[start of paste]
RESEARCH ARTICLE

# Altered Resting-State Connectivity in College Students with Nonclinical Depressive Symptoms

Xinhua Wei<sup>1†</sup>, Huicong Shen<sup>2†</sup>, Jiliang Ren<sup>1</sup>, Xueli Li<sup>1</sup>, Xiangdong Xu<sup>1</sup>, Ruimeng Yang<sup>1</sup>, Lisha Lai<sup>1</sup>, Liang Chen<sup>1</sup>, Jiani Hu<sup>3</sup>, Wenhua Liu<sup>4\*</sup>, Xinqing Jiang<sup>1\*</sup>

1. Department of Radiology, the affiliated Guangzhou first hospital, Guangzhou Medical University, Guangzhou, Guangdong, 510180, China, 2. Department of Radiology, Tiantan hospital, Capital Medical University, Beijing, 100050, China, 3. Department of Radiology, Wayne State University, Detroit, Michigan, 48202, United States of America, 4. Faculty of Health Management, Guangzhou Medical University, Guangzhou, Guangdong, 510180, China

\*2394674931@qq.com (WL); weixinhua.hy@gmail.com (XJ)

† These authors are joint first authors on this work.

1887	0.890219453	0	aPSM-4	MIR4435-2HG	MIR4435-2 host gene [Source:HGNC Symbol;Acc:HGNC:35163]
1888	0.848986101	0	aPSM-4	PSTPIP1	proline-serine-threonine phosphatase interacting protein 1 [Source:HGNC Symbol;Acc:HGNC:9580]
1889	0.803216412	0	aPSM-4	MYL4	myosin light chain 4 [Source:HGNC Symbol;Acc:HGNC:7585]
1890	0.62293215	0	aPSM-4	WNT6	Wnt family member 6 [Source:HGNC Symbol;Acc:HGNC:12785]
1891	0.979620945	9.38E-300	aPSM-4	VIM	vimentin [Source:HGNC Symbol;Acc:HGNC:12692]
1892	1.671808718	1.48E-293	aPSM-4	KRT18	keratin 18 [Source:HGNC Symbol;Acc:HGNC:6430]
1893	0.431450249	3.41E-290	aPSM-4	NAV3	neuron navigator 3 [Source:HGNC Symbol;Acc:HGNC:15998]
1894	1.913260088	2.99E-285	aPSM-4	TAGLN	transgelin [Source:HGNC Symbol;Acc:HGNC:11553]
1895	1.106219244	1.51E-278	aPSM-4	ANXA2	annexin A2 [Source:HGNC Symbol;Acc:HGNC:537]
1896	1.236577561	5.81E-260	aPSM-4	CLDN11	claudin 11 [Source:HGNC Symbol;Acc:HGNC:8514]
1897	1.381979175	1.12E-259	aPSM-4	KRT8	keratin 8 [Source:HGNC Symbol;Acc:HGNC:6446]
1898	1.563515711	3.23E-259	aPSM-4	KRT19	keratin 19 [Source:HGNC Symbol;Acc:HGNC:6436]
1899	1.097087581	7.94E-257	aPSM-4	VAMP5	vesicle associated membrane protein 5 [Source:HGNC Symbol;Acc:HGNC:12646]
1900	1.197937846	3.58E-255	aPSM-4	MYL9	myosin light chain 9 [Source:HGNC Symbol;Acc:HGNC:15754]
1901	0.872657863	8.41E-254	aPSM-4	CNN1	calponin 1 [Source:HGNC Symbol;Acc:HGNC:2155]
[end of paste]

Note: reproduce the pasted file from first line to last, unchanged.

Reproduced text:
RESEARCH ARTICLE

# Altered Resting-State Connectivity in College Students with Nonclinical Depressive Symptoms

Xinhua Wei<sup>1†</sup>, Huicong Shen<sup>2†</sup>, Jiliang Ren<sup>1</sup>, Xueli Li<sup>1</sup>, Xiangdong Xu<sup>1</sup>, Ruimeng Yang<sup>1</sup>, Lisha Lai<sup>1</sup>, Liang Chen<sup>1</sup>, Jiani Hu<sup>3</sup>, Wenhua Liu<sup>4\*</sup>, Xinqing Jiang<sup>1\*</sup>

1. Department of Radiology, the affiliated Guangzhou first hospital, Guangzhou Medical University, Guangzhou, Guangdong, 510180, China, 2. Department of Radiology, Tiantan hospital, Capital Medical University, Beijing, 100050, China, 3. Department of Radiology, Wayne State University, Detroit, Michigan, 48202, United States of America, 4. Faculty of Health Management, Guangzhou Medical University, Guangzhou, Guangdong, 510180, China

\*2394674931@qq.com (WL); weixinhua.hy@gmail.com (XJ)

† These authors are joint first authors on this work.

1887	0.890219453	0	aPSM-4	MIR4435-2HG	MIR4435-2 host gene [Source:HGNC Symbol;Acc:HGNC:35163]
1888	0.848986101	0	aPSM-4	PSTPIP1	proline-serine-threonine phosphatase interacting protein 1 [Source:HGNC Symbol;Acc:HGNC:9580]
1889	0.803216412	0	aPSM-4	MYL4	myosin light chain 4 [Source:HGNC Symbol;Acc:HGNC:7585]
1890	0.62293215	0	aPSM-4	WNT6	Wnt family member 6 [Source:HGNC Symbol;Acc:HGNC:12785]
1891	0.979620945	9.38E-300	aPSM-4	VIM	vimentin [Source:HGNC Symbol;Acc:HGNC:12692]
1892	1.671808718	1.48E-293	aPSM-4	KRT18	keratin 18 [Source:HGNC Symbol;Acc:HGNC:6430]
1893	0.431450249	3.41E-290	aPSM-4	NAV3	neuron navigator 3 [Source:HGNC Symbol;Acc:HGNC:15998]
1894	1.913260088	2.99E-285	aPSM-4	TAGLN	transgelin [Source:HGNC Symbol;Acc:HGNC:11553]
1895	1.106219244	1.51E-278	aPSM-4	ANXA2	annexin A2 [Source:HGNC Symbol;Acc:HGNC:537]
1896	1.236577561	5.81E-260	aPSM-4	CLDN11	claudin 11 [Source:HGNC Symbol;Acc:HGNC:8514]
1897	1.381979175	1.12E-259	aPSM-4	KRT8	keratin 8 [Source:HGNC Symbol;Acc:HGNC:6446]
1898	1.563515711	3.23E-259	aPSM-4	KRT19	keratin 19 [Source:HGNC Symbol;Acc:HGNC:6436]
1899	1.097087581	7.94E-257	aPSM-4	VAMP5	vesicle associated membrane protein 5 [Source:HGNC Symbol;Acc:HGNC:12646]
1900	1.197937846	3.58E-255	aPSM-4	MYL9	myosin light chain 9 [Source:HGNC Symbol;Acc:HGNC:15754]
1901	0.872657863	8.41E-254	aPSM-4	CNN1	calponin 1 [Source:HGNC Symbol;Acc:HGNC:2155]